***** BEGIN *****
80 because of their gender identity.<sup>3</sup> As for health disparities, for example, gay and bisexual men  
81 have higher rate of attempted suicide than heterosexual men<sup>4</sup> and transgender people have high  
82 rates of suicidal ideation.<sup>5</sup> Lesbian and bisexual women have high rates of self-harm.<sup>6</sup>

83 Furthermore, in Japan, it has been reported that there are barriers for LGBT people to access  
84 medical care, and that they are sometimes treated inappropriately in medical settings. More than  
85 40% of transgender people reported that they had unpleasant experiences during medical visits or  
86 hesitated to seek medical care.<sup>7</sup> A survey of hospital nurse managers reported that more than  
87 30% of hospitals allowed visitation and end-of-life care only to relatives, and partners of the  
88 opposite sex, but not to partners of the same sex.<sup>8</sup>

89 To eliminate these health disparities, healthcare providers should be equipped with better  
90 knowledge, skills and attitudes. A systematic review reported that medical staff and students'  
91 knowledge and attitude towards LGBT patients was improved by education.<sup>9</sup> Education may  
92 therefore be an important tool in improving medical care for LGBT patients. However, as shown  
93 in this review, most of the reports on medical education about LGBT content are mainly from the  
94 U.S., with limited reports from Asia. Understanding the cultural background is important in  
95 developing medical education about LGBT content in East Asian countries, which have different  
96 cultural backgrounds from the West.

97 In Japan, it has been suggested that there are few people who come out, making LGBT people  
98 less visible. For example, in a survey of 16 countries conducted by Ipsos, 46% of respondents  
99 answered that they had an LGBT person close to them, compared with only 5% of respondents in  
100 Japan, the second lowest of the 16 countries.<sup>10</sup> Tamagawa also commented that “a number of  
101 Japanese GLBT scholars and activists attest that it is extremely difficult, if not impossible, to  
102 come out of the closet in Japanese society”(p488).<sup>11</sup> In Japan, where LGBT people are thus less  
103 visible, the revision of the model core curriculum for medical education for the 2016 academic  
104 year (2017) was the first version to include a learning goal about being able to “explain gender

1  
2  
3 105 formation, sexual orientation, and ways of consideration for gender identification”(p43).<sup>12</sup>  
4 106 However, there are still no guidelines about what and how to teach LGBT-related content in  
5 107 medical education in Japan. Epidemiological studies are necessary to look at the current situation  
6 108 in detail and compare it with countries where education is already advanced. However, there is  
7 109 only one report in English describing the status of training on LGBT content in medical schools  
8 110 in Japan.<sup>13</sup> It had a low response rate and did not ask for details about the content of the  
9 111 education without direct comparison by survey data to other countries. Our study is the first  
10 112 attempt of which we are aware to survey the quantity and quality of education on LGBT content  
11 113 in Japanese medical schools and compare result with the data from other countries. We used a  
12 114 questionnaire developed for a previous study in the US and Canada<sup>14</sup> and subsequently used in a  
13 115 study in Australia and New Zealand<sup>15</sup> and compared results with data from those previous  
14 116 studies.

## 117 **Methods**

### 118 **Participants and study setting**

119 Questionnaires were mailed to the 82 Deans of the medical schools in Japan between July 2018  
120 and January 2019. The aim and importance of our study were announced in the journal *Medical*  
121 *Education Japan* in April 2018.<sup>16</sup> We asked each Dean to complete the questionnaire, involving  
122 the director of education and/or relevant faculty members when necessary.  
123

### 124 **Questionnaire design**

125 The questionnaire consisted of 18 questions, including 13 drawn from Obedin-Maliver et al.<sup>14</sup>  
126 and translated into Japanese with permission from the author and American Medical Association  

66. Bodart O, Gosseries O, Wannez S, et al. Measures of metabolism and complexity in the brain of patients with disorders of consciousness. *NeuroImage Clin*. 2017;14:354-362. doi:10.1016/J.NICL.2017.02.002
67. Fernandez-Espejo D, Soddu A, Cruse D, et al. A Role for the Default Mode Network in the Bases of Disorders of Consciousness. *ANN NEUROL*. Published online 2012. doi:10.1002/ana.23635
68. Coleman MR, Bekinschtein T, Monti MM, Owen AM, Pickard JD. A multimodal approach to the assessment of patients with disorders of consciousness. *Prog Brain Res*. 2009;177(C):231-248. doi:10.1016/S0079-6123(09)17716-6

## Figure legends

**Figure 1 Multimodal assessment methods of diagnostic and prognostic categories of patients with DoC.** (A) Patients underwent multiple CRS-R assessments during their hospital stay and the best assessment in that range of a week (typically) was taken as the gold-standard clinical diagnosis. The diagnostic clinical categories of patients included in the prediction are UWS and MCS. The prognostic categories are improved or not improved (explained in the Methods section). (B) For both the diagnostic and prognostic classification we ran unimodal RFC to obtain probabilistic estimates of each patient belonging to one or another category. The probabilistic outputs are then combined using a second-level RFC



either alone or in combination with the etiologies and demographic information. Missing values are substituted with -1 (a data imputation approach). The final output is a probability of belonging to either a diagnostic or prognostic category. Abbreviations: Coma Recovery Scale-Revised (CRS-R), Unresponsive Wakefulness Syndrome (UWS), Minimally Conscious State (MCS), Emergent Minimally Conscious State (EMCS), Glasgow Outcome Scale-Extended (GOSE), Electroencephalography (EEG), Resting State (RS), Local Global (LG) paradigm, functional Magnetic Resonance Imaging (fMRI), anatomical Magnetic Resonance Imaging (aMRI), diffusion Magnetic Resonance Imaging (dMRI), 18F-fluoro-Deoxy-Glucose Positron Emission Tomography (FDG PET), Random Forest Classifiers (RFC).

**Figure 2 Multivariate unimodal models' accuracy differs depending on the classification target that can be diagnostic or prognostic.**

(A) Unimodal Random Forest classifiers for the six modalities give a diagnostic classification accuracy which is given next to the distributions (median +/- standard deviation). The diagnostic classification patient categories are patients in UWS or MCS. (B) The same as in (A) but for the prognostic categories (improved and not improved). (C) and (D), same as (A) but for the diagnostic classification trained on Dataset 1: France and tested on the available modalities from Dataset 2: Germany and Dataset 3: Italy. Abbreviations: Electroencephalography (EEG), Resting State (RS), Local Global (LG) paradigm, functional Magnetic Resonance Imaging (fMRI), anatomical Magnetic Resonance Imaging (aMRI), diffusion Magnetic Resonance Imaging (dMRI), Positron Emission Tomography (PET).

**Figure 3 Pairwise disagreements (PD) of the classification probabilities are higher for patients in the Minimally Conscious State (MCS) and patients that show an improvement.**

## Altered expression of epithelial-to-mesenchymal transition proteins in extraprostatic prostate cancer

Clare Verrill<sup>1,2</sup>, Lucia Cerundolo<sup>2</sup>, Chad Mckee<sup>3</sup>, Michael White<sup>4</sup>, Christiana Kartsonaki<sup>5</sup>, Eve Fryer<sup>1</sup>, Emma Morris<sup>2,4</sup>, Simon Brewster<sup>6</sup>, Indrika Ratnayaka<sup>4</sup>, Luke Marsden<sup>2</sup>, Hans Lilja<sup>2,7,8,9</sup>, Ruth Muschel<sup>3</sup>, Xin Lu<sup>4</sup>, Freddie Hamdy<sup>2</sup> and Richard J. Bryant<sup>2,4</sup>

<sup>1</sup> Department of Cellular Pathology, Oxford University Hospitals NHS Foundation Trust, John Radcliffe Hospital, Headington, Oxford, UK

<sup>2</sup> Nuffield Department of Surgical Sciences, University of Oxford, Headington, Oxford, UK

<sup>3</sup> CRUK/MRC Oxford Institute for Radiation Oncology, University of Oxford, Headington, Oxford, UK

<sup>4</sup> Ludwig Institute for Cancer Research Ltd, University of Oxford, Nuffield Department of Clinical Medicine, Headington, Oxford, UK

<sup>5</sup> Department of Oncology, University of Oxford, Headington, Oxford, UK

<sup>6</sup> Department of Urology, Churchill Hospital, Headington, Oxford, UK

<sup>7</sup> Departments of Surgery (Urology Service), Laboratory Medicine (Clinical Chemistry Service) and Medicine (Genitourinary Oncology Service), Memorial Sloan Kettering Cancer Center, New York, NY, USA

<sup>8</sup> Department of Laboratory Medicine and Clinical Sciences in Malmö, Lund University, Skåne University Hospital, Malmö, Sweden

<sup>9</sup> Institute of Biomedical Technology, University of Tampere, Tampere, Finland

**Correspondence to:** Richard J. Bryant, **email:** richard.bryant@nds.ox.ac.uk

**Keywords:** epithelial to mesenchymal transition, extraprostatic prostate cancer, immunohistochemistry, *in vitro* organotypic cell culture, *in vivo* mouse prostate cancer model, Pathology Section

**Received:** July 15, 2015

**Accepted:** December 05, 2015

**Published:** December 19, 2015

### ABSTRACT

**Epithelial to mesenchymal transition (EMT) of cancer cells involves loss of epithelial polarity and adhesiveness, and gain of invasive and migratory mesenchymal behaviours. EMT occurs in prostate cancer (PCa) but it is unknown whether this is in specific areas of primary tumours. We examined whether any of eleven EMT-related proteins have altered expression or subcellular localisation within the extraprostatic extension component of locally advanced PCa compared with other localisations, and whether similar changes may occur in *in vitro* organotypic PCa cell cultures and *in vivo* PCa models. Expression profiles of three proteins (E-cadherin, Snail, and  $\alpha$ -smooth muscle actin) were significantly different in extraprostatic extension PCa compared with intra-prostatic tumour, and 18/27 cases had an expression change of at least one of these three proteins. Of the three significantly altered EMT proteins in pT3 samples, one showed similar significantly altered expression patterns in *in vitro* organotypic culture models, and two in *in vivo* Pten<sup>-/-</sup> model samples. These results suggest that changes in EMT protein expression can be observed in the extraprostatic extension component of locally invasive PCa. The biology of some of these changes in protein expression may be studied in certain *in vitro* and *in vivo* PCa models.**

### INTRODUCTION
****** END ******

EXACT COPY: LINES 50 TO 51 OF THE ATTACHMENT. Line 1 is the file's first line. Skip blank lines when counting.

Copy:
66. Bodart O, Gosseries O, Wannez S, et al. Measures of metabolism and complexity in the brain of patients with disorders of consciousness. *NeuroImage Clin*. 2017;14:354-362. doi:10.1016/J.NICL.2017.02.002
67. Fernandez-Espejo D, Soddu A, Cruse D, et al. A Role for the Default Mode Network in the Bases of Disorders of Consciousness. *ANN NEUROL*. Published online 2012. doi:10.1002/ana.23635